There is, in fact, no documented evidence of the true identity of Anton Lang's natural father [Fritz Lang's grandfather]. Only this can be substantiated from Viennese archive: the child of Johanna Lang was born August 1, 1860, in the maternity ward of a foundling's home in what was then the western suburb Alservorstadt (today located more or less downtown). George Sturm, a European specialist on Fritz Lang, ha performed exhaustive detective work on the family tree, and his research confirms that on the day of the birth the nuns crossed Alserstrasse and had the infant baptized by a parish priest. The godfather was the sacristan, the father's name unspecified. The birth register plainly listed Anton Lang [Fritz Lang's father] as an "illegitimate child."
Johanna Lang never named the father, and it appears that Anton himself did not know his identity--a theme repeated almost by chance in Fritz Lang's 1955 film Moonfleet... People familiar with the director's work will recognize the illicit love affair, illegitimacy, and the "doubling" of identity as recurrent plot situations that would become almost obsessional in his films. Lang liked to glamorize his own illegitimate family history right down tot he happy ending in which an "honest man" comes to the rescue as father to the child...
It can be hypothesized... that when Johanna Lang's first husband [who she married after Anton's birth], an Endl died, she inherited a partnership in Endl and Honus [the business that made her wealthy]... Anton never became an Endl or Schott in any case, and Johanna Lang conferred her own surnmae on the child. The "Lang," therefore, comes directly from Fritz Lang's paternal grandmother--her name and Catholicism being the first strong, lasting imprints on his identity.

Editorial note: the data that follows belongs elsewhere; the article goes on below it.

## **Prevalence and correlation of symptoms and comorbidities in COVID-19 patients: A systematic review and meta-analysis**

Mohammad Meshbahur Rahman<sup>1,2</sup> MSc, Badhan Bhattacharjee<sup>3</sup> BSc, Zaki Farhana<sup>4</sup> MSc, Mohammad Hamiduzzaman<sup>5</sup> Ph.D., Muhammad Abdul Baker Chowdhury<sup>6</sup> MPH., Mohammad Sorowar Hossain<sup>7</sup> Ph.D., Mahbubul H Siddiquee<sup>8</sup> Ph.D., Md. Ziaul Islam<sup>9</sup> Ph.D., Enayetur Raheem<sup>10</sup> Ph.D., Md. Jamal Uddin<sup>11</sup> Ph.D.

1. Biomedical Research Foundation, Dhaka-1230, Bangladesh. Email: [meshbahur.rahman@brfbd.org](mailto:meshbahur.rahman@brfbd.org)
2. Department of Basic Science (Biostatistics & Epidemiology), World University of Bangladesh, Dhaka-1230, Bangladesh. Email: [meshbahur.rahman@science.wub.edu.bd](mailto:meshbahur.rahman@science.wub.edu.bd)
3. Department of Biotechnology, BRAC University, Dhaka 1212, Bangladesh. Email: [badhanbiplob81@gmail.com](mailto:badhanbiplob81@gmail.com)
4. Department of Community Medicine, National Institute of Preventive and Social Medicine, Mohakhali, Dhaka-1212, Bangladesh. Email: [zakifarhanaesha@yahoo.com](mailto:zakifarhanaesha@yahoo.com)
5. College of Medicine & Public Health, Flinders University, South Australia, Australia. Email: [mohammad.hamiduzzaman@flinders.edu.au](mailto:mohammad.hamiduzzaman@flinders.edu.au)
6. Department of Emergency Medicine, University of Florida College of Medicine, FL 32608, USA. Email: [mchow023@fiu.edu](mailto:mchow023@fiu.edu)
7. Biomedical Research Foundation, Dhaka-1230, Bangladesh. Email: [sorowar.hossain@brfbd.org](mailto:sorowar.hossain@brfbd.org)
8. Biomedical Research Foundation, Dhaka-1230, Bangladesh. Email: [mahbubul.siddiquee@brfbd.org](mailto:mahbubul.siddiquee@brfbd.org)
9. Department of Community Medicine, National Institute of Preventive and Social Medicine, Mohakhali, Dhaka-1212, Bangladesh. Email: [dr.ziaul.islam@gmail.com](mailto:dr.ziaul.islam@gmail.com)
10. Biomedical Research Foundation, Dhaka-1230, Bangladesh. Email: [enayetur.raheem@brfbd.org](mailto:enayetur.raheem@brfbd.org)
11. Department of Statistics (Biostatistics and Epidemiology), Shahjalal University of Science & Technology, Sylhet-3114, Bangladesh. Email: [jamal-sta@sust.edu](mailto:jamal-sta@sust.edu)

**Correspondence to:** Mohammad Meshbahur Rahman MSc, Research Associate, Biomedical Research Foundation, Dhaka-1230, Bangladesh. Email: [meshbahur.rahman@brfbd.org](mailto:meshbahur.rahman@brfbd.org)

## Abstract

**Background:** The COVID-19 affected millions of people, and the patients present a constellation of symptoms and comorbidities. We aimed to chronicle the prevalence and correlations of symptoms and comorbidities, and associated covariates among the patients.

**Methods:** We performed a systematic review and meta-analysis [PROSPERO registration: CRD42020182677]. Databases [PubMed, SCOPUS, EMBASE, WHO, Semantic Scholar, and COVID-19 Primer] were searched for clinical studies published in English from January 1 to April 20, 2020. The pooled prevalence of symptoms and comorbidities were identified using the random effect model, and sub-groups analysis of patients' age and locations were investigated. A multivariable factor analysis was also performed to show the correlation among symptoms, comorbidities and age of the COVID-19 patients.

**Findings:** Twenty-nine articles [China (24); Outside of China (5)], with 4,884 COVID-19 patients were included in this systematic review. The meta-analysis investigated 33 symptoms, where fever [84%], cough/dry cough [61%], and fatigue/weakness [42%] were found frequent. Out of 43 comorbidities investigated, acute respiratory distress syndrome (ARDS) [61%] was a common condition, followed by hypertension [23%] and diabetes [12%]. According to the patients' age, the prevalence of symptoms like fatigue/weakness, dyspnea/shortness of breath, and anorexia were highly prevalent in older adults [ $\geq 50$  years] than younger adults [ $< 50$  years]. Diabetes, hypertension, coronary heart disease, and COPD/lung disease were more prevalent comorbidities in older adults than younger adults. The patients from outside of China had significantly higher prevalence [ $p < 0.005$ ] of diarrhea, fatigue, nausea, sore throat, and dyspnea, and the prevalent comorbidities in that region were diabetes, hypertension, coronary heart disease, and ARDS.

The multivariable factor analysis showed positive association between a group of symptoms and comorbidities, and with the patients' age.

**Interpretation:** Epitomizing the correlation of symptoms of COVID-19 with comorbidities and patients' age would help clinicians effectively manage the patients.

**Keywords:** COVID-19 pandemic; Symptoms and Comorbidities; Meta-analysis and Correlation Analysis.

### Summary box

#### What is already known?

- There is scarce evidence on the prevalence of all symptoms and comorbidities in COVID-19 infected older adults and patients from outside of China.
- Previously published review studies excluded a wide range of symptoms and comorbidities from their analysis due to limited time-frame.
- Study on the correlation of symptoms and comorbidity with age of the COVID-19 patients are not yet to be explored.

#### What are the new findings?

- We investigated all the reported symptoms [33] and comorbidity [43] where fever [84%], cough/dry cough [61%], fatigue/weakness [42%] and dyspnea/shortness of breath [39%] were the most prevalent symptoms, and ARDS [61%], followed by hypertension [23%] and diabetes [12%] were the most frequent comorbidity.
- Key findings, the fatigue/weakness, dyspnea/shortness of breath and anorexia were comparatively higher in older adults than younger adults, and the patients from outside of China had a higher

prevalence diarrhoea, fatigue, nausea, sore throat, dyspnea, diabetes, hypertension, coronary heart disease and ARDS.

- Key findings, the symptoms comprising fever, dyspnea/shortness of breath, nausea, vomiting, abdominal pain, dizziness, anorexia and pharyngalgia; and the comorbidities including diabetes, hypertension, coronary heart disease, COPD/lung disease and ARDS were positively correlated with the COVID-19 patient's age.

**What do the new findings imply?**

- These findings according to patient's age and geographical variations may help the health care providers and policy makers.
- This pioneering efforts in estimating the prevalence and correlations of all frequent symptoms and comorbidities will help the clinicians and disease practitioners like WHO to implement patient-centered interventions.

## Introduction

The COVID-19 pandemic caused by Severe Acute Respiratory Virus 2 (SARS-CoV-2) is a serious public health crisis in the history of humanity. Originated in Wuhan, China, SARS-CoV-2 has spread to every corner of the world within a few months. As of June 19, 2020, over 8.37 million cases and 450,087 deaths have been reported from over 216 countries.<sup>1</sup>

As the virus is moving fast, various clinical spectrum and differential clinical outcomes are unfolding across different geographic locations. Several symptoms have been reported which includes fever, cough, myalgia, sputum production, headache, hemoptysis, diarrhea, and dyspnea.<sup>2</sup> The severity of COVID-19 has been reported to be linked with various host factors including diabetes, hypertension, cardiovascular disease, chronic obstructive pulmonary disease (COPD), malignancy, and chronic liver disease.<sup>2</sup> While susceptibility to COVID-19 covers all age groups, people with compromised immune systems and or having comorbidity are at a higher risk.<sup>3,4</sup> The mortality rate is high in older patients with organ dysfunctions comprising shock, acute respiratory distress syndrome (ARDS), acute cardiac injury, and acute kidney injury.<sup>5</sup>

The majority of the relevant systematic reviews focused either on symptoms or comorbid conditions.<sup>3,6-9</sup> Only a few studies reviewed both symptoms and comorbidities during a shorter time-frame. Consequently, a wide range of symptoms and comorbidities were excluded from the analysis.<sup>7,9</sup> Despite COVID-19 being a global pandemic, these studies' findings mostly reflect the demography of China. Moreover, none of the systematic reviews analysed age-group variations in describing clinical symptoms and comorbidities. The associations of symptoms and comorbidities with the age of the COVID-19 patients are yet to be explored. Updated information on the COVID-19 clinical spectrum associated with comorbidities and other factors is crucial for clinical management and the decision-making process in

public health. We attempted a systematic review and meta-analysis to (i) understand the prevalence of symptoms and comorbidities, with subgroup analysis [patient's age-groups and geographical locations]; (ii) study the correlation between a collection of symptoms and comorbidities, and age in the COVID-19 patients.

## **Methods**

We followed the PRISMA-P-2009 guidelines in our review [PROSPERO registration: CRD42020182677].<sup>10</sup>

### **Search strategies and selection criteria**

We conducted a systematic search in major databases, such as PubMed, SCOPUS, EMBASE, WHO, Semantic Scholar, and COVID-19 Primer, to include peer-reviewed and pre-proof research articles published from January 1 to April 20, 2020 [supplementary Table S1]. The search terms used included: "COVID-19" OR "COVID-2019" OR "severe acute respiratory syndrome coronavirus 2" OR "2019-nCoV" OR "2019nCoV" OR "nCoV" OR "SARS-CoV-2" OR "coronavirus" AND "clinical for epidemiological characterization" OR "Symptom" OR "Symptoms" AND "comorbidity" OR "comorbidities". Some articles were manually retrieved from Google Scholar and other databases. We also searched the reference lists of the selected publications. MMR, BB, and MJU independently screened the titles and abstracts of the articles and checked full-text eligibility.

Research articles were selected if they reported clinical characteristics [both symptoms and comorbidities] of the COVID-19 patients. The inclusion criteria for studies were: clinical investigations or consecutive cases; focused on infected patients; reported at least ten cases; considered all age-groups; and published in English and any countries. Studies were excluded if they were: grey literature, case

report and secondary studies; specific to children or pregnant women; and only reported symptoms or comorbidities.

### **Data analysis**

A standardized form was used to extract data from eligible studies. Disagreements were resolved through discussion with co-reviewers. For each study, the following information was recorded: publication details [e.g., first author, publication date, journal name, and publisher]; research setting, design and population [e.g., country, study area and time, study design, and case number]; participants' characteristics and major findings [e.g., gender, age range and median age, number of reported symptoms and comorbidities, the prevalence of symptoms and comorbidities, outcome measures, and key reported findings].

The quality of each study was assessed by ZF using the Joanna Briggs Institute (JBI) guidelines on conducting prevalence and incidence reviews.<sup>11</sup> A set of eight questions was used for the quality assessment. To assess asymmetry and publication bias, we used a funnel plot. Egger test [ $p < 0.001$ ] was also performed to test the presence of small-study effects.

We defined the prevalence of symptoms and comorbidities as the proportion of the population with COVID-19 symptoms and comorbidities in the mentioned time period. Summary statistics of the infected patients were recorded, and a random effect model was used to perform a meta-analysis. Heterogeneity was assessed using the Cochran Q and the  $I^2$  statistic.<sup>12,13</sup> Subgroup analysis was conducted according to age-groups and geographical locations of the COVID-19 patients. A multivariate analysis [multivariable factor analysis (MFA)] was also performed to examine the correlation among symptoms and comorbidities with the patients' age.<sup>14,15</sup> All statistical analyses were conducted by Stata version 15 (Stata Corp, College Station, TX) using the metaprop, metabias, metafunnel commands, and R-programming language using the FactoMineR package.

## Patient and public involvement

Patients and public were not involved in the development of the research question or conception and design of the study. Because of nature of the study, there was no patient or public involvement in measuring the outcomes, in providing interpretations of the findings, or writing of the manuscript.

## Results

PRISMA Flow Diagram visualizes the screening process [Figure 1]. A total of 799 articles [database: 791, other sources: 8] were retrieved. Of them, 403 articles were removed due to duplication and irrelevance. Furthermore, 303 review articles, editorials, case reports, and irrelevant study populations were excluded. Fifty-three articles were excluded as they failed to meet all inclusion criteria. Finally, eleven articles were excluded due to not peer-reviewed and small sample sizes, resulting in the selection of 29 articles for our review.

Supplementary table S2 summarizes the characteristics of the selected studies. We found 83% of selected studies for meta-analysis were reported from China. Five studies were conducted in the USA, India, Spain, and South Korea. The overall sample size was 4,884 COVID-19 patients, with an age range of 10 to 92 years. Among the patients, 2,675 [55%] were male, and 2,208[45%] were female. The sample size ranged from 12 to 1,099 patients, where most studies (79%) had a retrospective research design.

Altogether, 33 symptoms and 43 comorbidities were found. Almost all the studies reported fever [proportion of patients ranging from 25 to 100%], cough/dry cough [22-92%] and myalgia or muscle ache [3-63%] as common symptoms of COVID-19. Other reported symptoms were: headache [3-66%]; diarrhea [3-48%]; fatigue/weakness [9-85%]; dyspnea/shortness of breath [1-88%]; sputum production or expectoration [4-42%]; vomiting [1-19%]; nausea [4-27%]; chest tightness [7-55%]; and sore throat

Children, education, and religion were a mother's business. [Fritz] Lang's mother, Paula Schlesinger Lang, was the woman who nurtured and shaped the boy. Conversing with friends, Lang always placed his mother on a pedestal...There is a detailed account of the elaborate Christmas celebrations that young Fritz Lang participated in, only some of which is excerpted here. McGilligan, page 19:
Paula was born Pauline Schlesinger on July 26, 1864, on the outskirts of Brno, the provincial capital of Moravia... Today it is in the Czech Republic.... Paula's father was a Fabrikant, or factory owner, most likely of a mill for spinning and weaving wool. Her family was Jewish.
Pauline, by early 1993, was residing in Vienna in the Leopoldstadt, or Second District, a section of Vienna overwhelmingly comprised of Jewish immigrants and families... Pauline was part of an influx of Jews during the latter half of the nineteenth century that changed the balance of Vienna's population and played a key role in the rise of the middle class. Persecuted in previous generations, cyclically ostracized, Vienna's Jews had proved stubborn adherents of the city, and had recently prospered under an era of emancipation and reform...